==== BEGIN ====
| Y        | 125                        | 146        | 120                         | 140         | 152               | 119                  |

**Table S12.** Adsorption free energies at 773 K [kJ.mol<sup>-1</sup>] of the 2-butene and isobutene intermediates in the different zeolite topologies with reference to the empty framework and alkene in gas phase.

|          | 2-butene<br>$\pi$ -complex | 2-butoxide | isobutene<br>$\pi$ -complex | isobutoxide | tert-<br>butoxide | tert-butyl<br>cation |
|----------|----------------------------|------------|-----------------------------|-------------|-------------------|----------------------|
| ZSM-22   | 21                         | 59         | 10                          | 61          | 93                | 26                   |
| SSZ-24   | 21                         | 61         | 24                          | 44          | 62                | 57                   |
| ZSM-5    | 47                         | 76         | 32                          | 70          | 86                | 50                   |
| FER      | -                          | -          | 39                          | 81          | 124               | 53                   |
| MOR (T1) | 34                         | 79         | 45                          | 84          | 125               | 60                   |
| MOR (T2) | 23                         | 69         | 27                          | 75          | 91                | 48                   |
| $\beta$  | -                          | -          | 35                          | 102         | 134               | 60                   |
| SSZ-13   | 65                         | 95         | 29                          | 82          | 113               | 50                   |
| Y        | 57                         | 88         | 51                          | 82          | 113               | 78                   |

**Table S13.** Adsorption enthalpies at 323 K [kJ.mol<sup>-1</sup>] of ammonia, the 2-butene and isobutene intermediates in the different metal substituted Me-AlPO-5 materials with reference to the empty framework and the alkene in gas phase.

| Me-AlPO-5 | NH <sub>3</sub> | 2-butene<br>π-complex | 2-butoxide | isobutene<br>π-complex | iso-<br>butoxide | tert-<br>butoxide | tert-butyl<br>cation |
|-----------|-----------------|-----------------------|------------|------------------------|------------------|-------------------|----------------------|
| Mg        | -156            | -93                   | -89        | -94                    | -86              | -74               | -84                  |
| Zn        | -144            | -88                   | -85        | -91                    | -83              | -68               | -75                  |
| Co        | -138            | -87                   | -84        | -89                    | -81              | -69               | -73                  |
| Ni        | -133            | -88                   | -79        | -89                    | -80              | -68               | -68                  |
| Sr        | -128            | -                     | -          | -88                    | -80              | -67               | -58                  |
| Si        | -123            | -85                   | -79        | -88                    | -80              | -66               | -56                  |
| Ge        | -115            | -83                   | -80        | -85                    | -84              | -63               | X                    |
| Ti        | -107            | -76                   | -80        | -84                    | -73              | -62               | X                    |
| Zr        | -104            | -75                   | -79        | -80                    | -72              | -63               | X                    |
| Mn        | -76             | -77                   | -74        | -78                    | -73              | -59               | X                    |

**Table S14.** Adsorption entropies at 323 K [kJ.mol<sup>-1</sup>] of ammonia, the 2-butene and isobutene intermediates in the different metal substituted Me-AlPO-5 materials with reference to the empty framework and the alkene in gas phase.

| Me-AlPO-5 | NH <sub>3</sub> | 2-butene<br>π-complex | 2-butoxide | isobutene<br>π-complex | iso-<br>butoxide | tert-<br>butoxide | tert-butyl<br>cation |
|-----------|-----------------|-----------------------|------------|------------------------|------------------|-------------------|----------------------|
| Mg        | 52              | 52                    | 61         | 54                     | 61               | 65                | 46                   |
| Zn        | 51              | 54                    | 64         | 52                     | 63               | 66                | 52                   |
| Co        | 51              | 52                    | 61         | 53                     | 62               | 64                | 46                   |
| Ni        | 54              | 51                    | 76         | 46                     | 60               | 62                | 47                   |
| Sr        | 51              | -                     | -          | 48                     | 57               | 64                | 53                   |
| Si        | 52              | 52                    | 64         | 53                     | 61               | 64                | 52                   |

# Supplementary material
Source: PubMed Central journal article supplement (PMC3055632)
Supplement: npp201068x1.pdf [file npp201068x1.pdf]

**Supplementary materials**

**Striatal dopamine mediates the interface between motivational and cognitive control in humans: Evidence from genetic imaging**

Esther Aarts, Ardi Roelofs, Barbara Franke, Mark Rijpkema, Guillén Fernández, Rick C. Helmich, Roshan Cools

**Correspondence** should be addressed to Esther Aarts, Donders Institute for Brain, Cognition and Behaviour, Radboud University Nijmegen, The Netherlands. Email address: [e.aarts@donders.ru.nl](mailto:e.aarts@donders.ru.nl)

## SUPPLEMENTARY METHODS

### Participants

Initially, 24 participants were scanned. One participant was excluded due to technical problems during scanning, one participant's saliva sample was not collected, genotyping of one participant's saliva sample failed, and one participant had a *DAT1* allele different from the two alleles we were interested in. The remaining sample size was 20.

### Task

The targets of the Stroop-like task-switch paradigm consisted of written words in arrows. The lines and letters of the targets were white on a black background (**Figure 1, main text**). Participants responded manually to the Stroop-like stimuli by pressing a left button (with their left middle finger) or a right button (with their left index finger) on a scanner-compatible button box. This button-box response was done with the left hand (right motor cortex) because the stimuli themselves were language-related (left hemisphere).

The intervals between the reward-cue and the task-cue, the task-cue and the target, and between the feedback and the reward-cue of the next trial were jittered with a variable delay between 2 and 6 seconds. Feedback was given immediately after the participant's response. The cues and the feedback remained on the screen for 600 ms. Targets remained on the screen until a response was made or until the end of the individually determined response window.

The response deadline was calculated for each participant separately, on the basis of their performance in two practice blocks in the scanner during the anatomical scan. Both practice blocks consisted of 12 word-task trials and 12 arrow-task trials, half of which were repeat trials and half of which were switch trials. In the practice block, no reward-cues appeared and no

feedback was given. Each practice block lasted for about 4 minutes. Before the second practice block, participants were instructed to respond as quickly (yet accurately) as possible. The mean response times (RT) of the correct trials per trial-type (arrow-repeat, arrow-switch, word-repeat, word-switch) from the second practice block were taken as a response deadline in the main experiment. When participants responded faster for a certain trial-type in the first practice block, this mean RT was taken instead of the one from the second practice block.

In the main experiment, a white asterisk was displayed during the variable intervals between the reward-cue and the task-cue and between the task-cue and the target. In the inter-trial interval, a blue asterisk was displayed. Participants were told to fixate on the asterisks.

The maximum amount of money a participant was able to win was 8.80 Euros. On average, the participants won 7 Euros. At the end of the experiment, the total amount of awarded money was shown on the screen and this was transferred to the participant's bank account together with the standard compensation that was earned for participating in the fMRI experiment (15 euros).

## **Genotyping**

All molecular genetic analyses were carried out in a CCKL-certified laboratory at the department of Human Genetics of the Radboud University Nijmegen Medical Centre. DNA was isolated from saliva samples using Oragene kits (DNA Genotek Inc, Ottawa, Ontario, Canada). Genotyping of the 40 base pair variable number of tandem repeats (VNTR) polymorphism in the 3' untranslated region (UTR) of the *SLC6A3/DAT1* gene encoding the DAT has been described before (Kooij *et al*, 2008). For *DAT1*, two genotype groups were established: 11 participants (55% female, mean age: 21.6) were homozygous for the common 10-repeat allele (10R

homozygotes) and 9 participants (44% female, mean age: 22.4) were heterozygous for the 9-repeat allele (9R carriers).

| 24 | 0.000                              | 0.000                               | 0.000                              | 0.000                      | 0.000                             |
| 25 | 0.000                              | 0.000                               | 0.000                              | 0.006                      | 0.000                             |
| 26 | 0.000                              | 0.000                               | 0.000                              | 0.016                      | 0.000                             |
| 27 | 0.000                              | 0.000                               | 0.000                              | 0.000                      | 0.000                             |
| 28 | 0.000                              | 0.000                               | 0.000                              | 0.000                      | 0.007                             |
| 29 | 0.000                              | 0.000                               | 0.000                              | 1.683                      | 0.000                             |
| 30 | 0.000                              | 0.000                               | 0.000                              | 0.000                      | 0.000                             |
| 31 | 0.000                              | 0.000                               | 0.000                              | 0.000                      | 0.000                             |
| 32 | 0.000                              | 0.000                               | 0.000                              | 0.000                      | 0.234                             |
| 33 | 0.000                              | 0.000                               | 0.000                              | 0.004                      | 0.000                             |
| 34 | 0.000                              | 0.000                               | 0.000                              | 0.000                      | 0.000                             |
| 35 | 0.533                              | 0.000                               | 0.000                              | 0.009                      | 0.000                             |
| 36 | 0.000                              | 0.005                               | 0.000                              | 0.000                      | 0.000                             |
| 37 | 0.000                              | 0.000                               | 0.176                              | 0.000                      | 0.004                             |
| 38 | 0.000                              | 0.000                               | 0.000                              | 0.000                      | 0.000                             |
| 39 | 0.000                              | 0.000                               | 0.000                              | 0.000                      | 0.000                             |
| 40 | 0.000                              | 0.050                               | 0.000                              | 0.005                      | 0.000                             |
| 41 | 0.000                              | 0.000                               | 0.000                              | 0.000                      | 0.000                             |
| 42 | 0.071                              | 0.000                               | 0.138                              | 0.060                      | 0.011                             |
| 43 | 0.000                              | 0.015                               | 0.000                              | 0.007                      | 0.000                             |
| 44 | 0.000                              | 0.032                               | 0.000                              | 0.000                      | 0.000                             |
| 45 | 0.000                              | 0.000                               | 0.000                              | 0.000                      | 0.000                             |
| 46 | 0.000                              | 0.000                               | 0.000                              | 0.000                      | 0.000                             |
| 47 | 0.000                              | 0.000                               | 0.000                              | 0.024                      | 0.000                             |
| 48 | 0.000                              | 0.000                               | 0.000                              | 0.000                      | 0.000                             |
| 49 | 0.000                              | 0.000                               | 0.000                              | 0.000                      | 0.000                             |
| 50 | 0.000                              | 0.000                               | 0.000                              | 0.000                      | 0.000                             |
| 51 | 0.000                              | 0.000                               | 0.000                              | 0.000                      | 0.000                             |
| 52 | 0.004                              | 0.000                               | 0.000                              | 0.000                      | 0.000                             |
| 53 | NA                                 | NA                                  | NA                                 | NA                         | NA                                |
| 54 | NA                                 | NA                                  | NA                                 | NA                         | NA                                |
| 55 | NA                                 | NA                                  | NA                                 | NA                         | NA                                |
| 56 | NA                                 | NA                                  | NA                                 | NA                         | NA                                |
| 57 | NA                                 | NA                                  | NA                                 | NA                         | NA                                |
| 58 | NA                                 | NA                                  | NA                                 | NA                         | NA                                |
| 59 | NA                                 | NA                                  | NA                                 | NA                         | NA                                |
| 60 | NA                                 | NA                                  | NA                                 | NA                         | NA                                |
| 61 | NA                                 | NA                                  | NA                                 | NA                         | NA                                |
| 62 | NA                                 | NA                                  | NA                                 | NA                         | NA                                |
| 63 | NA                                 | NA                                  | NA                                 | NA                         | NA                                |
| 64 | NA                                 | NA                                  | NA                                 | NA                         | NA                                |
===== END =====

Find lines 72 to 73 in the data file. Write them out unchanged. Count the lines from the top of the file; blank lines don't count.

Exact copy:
| 40 | 0.000                              | 0.050                               | 0.000                              | 0.005                      | 0.000                             |
| 41 | 0.000                              | 0.000                               | 0.000                              | 0.000                      | 0.000                             |